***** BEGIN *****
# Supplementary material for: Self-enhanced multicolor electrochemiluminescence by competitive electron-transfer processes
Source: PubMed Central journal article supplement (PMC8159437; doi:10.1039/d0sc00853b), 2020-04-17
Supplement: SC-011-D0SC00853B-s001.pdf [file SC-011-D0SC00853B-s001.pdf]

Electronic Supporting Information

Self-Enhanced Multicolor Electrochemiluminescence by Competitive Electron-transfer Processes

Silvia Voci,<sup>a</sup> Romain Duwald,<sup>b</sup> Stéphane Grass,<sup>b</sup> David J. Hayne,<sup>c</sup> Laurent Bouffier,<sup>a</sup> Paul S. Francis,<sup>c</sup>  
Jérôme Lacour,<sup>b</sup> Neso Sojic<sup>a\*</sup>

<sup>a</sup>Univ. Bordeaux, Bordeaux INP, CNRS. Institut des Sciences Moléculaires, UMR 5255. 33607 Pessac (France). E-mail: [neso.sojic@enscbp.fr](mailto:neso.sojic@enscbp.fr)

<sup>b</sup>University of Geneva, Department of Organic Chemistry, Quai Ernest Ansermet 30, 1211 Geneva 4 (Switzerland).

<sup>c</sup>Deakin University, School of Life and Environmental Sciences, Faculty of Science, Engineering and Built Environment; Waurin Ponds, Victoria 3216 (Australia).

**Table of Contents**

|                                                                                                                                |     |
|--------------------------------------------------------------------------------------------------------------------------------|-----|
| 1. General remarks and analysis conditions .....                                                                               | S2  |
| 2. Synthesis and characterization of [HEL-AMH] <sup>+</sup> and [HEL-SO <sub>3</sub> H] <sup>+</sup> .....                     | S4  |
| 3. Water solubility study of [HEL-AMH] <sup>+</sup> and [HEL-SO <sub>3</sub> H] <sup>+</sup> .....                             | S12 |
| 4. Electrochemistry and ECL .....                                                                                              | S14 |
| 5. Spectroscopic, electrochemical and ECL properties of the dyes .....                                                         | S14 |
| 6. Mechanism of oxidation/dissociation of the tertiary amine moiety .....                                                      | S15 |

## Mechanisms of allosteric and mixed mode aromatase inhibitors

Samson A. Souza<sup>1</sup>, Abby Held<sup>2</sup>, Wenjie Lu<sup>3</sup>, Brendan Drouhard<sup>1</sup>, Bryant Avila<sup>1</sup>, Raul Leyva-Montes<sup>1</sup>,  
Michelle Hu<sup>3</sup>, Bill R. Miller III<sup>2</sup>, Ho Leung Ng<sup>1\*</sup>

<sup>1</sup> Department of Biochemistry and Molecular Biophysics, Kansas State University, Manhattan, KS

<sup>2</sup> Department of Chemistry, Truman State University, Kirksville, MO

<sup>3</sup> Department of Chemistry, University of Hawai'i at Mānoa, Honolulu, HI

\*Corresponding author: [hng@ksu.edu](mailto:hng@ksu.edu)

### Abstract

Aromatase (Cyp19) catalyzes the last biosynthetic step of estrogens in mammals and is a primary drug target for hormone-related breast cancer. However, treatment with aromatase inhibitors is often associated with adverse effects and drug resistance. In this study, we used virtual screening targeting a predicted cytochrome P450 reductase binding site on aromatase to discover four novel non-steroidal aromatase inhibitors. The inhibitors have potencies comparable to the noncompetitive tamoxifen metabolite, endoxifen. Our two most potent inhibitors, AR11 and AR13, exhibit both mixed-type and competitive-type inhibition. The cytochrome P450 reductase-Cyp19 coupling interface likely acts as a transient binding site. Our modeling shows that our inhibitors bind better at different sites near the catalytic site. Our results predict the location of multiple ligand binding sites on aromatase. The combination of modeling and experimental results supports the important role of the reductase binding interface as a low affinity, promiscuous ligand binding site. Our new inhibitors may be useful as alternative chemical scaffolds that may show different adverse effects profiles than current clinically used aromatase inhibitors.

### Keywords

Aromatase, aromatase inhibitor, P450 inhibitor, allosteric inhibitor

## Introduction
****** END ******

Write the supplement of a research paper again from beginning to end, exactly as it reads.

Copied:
# Supplementary material for: Self-enhanced multicolor electrochemiluminescence by competitive electron-transfer processes
Source: PubMed Central journal article supplement (PMC8159437; doi:10.1039/d0sc00853b), 2020-04-17
Supplement: SC-011-D0SC00853B-s001.pdf [file SC-011-D0SC00853B-s001.pdf]

Electronic Supporting Information

Self-Enhanced Multicolor Electrochemiluminescence by Competitive Electron-transfer Processes

Silvia Voci,<sup>a</sup> Romain Duwald,<sup>b</sup> Stéphane Grass,<sup>b</sup> David J. Hayne,<sup>c</sup> Laurent Bouffier,<sup>a</sup> Paul S. Francis,<sup>c</sup>  
Jérôme Lacour,<sup>b</sup> Neso Sojic<sup>a\*</sup>

<sup>a</sup>Univ. Bordeaux, Bordeaux INP, CNRS. Institut des Sciences Moléculaires, UMR 5255. 33607 Pessac (France). E-mail: [neso.sojic@enscbp.fr](mailto:neso.sojic@enscbp.fr)

<sup>b</sup>University of Geneva, Department of Organic Chemistry, Quai Ernest Ansermet 30, 1211 Geneva 4 (Switzerland).

<sup>c</sup>Deakin University, School of Life and Environmental Sciences, Faculty of Science, Engineering and Built Environment; Waurin Ponds, Victoria 3216 (Australia).

**Table of Contents**

|                                                                                                                                |     |
|--------------------------------------------------------------------------------------------------------------------------------|-----|
| 1. General remarks and analysis conditions .....                                                                               | S2  |
| 2. Synthesis and characterization of [HEL-AMH] <sup>+</sup> and [HEL-SO <sub>3</sub> H] <sup>+</sup> .....                     | S4  |
| 3. Water solubility study of [HEL-AMH] <sup>+</sup> and [HEL-SO <sub>3</sub> H] <sup>+</sup> .....                             | S12 |
| 4. Electrochemistry and ECL .....                                                                                              | S14 |
| 5. Spectroscopic, electrochemical and ECL properties of the dyes .....                                                         | S14 |
| 6. Mechanism of oxidation/dissociation of the tertiary amine moiety .....                                                      | S15 |

## Mechanisms of allosteric and mixed mode aromatase inhibitors

Samson A. Souza<sup>1</sup>, Abby Held<sup>2</sup>, Wenjie Lu<sup>3</sup>, Brendan Drouhard<sup>1</sup>, Bryant Avila<sup>1</sup>, Raul Leyva-Montes<sup>1</sup>,  
Michelle Hu<sup>3</sup>, Bill R. Miller III<sup>2</sup>, Ho Leung Ng<sup>1\*</sup>

<sup>1</sup> Department of Biochemistry and Molecular Biophysics, Kansas State University, Manhattan, KS

<sup>2</sup> Department of Chemistry, Truman State University, Kirksville, MO

<sup>3</sup> Department of Chemistry, University of Hawai'i at Mānoa, Honolulu, HI

\*Corresponding author: [hng@ksu.edu](mailto:hng@ksu.edu)

### Abstract

Aromatase (Cyp19) catalyzes the last biosynthetic step of estrogens in mammals and is a primary drug target for hormone-related breast cancer. However, treatment with aromatase inhibitors is often associated with adverse effects and drug resistance. In this study, we used virtual screening targeting a predicted cytochrome P450 reductase binding site on aromatase to discover four novel non-steroidal aromatase inhibitors. The inhibitors have potencies comparable to the noncompetitive tamoxifen metabolite, endoxifen. Our two most potent inhibitors, AR11 and AR13, exhibit both mixed-type and competitive-type inhibition. The cytochrome P450 reductase-Cyp19 coupling interface likely acts as a transient binding site. Our modeling shows that our inhibitors bind better at different sites near the catalytic site. Our results predict the location of multiple ligand binding sites on aromatase. The combination of modeling and experimental results supports the important role of the reductase binding interface as a low affinity, promiscuous ligand binding site. Our new inhibitors may be useful as alternative chemical scaffolds that may show different adverse effects profiles than current clinically used aromatase inhibitors.

### Keywords

Aromatase, aromatase inhibitor, P450 inhibitor, allosteric inhibitor

## Introduction